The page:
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Organization Helps Schools with High Poverty Overcome Challenges

Turnaround for Children helps public schools in high-poverty areas to work to change the negative school culture that keeps children from succeeding in school.

Turnaround prompts the whole school- principals, teachers, and students- to create a better learning environment for all involved.

The "principal must have a vision of a different teaching and learning environment, and commit time and resources to building it; teachers need to acquire new skills and tools to manage classrooms in ways that build trust while engaging students in rigorous instruction; and students must come to see school as important to their success in life, and connect that idea to their own actions in the classroom," according to The New York Times.

Turnaround uses varying techniques to change school culture, specifically Kagan Cooperative Structures, which are "scientifically research based" methods "backed by classroom evidence from districts, schools, and teachers experience success with Kagan," according to Kagan's site.

Kagan structures promote cooperative learning approaches such as nixing rows of desks and promoting close spaces where students can work in small groups.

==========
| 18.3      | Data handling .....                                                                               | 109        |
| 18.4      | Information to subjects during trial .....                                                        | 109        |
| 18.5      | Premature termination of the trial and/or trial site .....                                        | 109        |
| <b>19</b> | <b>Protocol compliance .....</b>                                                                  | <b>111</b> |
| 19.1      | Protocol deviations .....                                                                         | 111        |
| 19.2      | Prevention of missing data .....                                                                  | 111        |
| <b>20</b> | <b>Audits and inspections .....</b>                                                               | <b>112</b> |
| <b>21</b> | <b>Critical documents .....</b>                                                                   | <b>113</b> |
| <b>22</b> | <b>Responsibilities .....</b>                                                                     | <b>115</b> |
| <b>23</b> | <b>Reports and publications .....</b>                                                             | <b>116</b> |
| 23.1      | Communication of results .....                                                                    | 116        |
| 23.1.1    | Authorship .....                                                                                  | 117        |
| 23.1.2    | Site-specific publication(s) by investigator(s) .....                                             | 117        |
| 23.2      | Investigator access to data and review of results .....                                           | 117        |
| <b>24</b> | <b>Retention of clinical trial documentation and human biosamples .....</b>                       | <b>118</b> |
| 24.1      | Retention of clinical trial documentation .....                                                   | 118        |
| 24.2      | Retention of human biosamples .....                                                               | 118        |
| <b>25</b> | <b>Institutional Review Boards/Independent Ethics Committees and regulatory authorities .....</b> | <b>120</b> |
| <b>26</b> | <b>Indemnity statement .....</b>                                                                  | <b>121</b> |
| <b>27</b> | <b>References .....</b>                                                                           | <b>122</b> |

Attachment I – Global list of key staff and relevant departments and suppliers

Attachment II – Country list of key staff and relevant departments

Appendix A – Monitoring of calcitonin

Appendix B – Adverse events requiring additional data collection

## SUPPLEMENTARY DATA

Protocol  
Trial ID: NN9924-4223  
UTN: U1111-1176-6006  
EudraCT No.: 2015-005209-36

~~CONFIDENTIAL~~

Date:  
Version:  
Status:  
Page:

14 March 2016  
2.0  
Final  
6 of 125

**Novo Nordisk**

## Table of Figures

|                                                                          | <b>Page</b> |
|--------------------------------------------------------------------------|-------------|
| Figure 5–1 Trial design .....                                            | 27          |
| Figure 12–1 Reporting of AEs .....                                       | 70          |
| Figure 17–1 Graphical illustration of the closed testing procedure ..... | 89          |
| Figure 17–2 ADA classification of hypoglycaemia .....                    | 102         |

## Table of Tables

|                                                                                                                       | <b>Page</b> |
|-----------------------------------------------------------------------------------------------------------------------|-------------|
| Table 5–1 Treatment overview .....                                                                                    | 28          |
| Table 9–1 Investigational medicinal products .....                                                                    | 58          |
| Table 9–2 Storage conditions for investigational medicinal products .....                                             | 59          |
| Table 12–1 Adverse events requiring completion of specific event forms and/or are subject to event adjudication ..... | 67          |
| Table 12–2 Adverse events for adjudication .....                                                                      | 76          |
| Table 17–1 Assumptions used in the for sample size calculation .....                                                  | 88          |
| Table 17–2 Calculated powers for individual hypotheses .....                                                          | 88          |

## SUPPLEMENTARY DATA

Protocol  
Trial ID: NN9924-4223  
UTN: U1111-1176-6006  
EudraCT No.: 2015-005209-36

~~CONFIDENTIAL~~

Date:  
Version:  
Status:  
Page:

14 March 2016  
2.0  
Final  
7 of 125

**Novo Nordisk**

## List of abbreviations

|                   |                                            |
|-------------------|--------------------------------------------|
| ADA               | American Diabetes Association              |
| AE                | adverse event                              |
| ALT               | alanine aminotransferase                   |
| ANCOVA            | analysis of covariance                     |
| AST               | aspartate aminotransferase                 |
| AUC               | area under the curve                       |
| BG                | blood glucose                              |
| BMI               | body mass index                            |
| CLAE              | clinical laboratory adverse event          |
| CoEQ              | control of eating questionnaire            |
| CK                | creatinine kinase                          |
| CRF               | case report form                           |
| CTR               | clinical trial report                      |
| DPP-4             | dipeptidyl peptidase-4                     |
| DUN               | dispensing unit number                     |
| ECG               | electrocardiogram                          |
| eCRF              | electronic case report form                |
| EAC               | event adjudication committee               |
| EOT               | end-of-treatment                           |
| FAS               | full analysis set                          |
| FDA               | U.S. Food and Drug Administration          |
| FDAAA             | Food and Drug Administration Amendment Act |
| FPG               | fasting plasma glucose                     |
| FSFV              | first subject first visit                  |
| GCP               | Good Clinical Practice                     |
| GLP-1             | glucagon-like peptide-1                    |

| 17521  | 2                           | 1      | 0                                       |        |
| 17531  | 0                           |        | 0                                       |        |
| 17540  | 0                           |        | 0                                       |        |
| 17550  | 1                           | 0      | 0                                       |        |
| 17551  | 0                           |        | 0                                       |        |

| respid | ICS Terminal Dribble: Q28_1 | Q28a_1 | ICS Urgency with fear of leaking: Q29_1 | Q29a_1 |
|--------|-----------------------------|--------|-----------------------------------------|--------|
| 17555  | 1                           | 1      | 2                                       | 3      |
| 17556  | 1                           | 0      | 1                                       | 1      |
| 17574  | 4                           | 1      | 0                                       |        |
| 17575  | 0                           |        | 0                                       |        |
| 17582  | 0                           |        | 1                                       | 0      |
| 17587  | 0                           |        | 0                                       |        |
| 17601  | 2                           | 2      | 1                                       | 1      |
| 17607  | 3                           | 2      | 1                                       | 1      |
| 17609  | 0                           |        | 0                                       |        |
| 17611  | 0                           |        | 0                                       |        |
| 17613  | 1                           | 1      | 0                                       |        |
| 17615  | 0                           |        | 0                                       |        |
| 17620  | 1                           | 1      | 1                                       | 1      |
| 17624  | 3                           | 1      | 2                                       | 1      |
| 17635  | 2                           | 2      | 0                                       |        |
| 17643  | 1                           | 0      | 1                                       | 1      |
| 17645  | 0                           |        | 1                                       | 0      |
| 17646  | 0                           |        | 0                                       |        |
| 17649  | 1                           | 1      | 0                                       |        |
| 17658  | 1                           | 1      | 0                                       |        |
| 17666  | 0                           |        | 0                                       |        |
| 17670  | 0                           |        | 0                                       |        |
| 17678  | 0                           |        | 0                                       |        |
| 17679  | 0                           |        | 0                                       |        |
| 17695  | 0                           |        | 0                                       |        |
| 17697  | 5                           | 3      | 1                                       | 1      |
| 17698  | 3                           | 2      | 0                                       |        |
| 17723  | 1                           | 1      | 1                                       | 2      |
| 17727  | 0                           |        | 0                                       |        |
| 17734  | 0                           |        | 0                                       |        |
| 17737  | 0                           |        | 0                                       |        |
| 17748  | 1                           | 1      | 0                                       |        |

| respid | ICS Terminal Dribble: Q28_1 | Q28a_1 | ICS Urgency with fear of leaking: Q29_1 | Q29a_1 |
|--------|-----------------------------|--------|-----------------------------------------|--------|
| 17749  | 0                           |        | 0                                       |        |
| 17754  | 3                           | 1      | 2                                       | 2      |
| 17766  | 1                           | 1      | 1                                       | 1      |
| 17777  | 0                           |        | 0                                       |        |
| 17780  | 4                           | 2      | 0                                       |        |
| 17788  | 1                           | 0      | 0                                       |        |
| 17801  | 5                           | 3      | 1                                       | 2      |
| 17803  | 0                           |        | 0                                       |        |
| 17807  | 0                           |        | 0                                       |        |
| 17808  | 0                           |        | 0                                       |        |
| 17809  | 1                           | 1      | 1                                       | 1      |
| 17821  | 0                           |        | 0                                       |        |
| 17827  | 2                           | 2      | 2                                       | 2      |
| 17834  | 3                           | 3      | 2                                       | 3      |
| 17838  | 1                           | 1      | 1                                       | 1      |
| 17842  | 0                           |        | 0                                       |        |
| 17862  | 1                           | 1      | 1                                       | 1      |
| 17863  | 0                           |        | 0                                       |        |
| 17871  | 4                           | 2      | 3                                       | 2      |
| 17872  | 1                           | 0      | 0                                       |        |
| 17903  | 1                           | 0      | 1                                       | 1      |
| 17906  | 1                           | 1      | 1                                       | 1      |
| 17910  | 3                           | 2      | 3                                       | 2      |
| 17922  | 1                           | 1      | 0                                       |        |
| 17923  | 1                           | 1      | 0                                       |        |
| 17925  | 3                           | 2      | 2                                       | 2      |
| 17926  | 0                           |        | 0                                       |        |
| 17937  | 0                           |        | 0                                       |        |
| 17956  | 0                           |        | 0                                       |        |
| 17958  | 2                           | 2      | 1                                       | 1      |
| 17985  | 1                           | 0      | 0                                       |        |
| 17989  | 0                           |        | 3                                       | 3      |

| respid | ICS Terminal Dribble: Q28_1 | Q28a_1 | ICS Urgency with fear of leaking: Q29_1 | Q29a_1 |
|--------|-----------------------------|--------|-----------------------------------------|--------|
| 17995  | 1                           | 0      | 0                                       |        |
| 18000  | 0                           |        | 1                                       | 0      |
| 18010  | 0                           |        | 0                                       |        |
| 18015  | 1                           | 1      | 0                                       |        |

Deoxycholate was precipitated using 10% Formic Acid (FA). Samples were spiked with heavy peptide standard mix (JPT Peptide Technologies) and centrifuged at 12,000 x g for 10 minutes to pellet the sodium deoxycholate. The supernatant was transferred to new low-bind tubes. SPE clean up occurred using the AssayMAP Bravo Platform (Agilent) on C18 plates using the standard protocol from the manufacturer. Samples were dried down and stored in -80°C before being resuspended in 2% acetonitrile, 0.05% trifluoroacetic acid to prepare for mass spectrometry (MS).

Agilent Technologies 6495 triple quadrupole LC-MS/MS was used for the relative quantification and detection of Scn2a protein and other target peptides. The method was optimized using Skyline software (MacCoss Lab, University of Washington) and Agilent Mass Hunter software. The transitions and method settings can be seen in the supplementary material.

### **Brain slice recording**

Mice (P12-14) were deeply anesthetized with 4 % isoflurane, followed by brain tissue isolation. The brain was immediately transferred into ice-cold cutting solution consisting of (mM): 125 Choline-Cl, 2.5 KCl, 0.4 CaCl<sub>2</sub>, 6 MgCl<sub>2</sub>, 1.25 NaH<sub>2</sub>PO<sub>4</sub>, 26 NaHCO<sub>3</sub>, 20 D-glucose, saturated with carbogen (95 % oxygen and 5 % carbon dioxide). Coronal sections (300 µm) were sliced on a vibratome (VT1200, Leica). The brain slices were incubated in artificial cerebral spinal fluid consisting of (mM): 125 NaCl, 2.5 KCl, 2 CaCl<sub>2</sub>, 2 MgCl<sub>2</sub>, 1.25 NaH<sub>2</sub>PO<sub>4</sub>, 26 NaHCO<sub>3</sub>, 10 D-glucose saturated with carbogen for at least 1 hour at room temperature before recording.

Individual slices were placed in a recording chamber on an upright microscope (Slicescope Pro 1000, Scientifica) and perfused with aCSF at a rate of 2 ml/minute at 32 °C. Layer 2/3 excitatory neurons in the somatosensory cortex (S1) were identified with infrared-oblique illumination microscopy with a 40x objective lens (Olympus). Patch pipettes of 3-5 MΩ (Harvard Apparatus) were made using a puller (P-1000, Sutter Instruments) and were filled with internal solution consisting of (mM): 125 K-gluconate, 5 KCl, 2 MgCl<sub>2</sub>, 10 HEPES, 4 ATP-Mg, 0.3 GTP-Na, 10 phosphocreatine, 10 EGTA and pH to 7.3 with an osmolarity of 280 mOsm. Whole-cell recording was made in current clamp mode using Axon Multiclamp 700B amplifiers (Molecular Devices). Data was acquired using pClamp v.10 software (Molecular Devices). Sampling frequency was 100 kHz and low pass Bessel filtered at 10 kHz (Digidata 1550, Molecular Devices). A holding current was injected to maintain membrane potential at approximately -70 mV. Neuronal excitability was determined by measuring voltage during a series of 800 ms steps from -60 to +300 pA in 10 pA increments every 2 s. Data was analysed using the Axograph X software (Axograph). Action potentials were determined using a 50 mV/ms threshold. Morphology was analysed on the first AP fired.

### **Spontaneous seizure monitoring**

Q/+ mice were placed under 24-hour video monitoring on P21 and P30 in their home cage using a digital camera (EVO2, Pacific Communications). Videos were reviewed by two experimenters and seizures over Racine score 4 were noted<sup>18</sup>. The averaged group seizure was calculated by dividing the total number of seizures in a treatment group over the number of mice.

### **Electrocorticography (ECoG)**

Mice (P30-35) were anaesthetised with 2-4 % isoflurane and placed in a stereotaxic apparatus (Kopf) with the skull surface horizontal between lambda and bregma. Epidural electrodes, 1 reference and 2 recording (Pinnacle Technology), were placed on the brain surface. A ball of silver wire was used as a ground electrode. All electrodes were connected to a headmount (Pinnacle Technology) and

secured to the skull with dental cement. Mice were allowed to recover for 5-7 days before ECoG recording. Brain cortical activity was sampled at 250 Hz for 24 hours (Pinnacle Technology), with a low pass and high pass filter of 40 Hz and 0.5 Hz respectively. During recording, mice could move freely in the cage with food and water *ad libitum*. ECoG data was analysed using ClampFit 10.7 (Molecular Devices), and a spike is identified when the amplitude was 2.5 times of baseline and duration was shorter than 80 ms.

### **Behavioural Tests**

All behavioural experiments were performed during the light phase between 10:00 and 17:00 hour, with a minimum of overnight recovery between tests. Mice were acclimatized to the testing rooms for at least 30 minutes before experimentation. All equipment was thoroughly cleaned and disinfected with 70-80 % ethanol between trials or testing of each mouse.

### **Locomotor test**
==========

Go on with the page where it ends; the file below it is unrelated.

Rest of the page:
"'Before, with whole class discussions, many students would have no chance to answer a question or give their opinion...'" said Karrie Hylton, a teacher in a middle school partnered with Turnaround. "'These structures make it possible for each kid to have equal voice and participation,'" she said, according to The New York Times article.

Turnaround also specializes in helping children with behavioral needs, a rampant issue in schools in areas wrought with poverty. In schools partnered with Turnaround, "more than 90 percent of students with behavioral needs get connected to appropriate services, typically within three weeks," according to the article.

The organization itself come into fruition after a child psychiatrist who specializes in trauma recognized a need for change in high-poverty schools. Pamela Cantor was assigned to lead a team in the weeks after the 9/11 tragedy to study "the impact of the attacks on the city's public school children."

Cantor discovered many symptoms of trauma, "but the problems weren't clearly attributable to 9/11 nor were they clustered near Ground Zero," the article said.

Instead, Cantor found that the symptoms of trauma were mostly found in schools in poverty-stricken areas and were attributed not to terrorism, but to "violence, inadequate housing, sudden family loss, parents with depression or addictions, and so forth."

And so, Turnaround was born to help students overcome the trauma from home life and focus on excelling in school with the support of every person on the school's staff.

Cantor's ultimate "vision is not to spread the program far and wide, but to demonstrate that an intentional focus on the so-called 'nonacademic' skills is a prerequisite for success, rather than a frill," according to the article.

Read the full story here and comment below.

Article by Nicole Gorman, Education World Contributor


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